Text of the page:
[From CASE Reports, Vol. 12, No. 2, 1997]


Yale Surgeon Joins Medicine and Technology in Unique Training Program


While it may sound like the stuff of science fiction, it is indeed science fact. Telemedicine, though still a new concept, is revolutionizing medical training from Costa Rica to Malaysia, and a Connecticut surgeon, James Rosser Jr., is spearheading the effort.

"We're building vital skills with unprecedented speed," says Professor Rosser, director of endo-laparoscopic surgery at Yale-New Haven Hospital, and assistant professor of surgery at Yale University School of Medicine. "And we're doing it in a cost-effective way."

Modern Day Miracle

Professor Rosser is an expert in laparoscopic procedures, which he refers to as "modern day miracles." Through incisions the size of a dime, tiny video cameras, which are attached to lenses called endoscopes, are placed inside the body to help surgeons remove or repair diseased organs. Images are transferred through the lens, to the camera, and then to a television monitor, which the surgeon watches. "In this environment, you don't see, through direct vision, what you're operating on," explains Professor Rosser. "Visualization occurs through the tv screen."

Thanks to this visualization, patients are spared the large incisions that accompany open surgery. Consequently, they are also spared much pain and suffering. Recovery times are generally shorter with this minimally invasive technique, and medical bills are usually less, says Professor Rosser.

Laparoscopic surgery affords clear advantages. But while the simpler procedures are growing in use, the more sophisticated ones are increasing at a notably slower pace. Today, for instance, 95% of all gallbladder operations are performed laparoscopically, yet only 30% of all appendectomies, and a mere 10% of all splenectomies, are handled in this fashion.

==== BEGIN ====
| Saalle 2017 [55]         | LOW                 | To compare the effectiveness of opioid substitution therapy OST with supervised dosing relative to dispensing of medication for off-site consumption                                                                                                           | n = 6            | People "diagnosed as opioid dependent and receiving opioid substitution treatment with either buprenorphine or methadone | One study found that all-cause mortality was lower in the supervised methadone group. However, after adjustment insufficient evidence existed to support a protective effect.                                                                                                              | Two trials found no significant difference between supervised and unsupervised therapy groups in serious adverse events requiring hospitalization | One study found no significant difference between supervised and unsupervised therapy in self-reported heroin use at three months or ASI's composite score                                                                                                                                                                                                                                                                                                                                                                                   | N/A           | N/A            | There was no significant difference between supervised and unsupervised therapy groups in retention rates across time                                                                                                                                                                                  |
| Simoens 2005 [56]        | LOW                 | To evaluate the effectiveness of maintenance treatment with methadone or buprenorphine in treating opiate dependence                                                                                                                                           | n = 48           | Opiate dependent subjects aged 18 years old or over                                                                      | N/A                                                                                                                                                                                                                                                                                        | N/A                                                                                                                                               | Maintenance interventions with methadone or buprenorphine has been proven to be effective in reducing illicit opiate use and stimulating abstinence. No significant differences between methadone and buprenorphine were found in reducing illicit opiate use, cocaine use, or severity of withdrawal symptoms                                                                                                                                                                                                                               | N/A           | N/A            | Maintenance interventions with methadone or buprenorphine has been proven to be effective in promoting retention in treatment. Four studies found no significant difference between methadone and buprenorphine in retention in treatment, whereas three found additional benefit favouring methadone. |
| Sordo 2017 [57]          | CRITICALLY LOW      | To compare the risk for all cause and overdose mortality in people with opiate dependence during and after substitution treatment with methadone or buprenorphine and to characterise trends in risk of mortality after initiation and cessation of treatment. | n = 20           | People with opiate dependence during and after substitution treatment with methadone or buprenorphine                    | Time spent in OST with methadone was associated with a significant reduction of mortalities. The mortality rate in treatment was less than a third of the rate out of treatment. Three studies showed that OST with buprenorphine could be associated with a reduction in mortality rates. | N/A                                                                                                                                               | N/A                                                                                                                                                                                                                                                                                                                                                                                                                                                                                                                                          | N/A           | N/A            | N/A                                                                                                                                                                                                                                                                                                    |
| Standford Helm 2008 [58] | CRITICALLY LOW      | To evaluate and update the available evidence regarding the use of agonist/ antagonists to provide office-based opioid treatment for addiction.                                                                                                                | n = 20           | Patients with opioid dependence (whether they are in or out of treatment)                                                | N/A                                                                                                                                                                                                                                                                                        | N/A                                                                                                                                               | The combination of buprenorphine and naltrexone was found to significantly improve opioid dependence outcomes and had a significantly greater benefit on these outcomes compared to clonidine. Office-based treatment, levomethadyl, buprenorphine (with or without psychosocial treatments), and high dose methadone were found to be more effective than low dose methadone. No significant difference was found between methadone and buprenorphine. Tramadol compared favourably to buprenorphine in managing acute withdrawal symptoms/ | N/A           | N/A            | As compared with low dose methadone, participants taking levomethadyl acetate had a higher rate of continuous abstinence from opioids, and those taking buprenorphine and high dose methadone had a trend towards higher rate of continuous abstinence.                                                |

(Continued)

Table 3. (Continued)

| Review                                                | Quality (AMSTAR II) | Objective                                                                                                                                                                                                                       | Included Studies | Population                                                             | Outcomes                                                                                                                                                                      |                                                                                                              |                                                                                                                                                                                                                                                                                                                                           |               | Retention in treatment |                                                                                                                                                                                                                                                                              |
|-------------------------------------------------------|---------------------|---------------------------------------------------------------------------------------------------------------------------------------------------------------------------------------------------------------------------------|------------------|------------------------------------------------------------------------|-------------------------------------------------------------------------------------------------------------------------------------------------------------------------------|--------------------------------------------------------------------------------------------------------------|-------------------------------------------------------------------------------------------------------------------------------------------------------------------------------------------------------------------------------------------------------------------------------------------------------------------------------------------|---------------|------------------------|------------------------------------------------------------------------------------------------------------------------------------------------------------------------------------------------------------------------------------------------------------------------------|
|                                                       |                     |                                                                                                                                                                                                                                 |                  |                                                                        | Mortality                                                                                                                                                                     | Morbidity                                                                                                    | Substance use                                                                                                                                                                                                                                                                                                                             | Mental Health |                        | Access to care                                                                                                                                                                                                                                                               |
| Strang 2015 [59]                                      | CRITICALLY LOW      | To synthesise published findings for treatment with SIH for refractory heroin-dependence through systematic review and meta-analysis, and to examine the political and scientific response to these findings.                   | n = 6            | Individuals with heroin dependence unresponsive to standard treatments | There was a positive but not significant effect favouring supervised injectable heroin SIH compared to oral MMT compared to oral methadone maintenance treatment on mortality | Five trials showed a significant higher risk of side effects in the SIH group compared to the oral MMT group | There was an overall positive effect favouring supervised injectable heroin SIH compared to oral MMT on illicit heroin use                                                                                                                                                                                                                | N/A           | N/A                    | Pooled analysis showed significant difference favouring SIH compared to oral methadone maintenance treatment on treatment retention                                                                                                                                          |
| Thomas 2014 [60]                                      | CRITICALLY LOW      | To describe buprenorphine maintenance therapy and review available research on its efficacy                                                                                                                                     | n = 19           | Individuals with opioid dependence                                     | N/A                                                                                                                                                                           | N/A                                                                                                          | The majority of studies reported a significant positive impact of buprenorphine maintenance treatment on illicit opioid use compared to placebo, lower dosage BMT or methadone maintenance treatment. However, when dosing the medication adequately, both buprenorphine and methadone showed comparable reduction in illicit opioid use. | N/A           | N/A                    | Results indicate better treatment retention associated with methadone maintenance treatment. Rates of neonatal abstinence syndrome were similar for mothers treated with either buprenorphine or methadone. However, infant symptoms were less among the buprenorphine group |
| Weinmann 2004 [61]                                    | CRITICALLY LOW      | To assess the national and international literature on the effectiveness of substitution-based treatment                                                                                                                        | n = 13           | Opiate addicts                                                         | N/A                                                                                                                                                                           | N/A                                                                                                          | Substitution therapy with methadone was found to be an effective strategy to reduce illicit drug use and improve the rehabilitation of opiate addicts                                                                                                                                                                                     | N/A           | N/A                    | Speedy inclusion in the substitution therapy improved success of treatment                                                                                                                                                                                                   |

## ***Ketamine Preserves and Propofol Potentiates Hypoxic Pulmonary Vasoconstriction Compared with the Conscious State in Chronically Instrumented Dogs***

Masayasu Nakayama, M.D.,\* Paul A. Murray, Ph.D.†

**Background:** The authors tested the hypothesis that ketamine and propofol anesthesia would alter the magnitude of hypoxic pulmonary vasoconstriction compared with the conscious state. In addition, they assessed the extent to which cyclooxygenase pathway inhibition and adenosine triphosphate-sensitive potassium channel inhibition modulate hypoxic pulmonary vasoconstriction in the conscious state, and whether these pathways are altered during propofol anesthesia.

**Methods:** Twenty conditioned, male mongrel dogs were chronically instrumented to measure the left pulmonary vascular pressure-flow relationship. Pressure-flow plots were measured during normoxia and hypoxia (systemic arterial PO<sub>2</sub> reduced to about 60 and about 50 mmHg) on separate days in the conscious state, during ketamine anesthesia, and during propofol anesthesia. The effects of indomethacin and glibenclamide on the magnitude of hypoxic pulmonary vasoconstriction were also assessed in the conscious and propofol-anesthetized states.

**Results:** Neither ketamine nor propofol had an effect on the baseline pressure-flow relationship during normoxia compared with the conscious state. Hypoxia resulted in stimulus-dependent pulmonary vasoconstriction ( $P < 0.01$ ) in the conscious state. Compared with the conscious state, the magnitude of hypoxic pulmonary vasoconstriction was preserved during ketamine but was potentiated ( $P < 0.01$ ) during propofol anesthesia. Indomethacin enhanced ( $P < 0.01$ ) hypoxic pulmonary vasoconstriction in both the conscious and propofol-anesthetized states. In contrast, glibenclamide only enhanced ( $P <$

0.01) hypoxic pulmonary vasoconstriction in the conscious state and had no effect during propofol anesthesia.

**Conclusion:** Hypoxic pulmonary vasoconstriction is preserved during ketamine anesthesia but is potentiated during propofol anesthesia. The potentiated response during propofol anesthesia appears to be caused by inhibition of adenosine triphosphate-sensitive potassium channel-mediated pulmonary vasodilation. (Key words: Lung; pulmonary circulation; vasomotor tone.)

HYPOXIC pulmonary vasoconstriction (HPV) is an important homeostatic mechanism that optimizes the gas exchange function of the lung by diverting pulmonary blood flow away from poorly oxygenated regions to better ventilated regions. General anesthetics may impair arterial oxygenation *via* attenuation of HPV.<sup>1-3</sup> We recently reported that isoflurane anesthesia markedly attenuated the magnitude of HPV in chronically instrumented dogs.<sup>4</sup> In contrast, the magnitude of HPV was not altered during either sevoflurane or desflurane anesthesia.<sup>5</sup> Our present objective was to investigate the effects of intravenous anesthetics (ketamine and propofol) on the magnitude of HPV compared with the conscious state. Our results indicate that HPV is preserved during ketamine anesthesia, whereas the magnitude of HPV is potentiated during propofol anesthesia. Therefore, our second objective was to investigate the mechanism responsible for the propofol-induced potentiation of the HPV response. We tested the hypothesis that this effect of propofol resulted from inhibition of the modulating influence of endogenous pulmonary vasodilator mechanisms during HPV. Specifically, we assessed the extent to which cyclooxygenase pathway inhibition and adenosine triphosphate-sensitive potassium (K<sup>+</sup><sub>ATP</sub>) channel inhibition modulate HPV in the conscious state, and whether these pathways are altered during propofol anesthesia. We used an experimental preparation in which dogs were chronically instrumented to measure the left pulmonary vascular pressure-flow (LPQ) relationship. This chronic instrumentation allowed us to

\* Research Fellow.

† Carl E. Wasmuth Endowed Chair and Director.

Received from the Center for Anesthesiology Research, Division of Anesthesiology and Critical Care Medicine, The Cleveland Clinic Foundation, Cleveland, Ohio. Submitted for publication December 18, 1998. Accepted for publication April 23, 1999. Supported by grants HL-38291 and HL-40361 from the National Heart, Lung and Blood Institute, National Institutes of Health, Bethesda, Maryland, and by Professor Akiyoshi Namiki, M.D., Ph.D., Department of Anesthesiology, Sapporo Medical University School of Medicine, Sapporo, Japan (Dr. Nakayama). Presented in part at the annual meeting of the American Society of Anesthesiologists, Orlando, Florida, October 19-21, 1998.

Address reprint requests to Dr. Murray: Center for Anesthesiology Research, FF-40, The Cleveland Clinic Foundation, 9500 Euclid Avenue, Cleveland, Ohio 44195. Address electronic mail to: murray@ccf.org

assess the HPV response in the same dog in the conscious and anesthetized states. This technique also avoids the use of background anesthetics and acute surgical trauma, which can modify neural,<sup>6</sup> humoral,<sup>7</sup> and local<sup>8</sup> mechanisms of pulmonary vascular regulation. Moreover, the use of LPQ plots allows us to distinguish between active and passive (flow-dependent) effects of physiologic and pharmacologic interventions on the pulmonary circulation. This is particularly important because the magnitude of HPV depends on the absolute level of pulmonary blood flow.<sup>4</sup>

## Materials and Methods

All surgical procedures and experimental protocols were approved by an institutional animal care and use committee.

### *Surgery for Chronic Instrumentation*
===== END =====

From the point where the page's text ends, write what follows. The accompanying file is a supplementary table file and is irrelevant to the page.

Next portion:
At issue, notes Professor Rosser, is a shortage of qualified practitioners. And that's due mainly to a lack of proper training.

"Laparoscopic procedures demand different skills from traditional surgery," he says. To begin with, you're not working in a three-dimensional arena. The angles of attack are also more restricted, which means you must fine-tune your targeting capabilities: to accomplish certain tasks, you have to rely greatly upon triangulation."

Professor Rosser likens the challenge to eating peas with two-foot chopsticks. "Imagine further," he adds, "that you can't look at the peas directly, but have to view them through a television screen."

As in other fields, medicine has been slow to embrace change. Most schools, for example, now include laparoscopy for gallbladders and gynecological disorders in their curricula. But the more complex techniques are not being taught; at present, only a handful of doctors are competent enough to operate laparoscopically on the adrenal glands, pancreas or spine, for instance. And that's part of the problem-these people are simply too new to the practice, and currently too busy, to pass on their knowledge.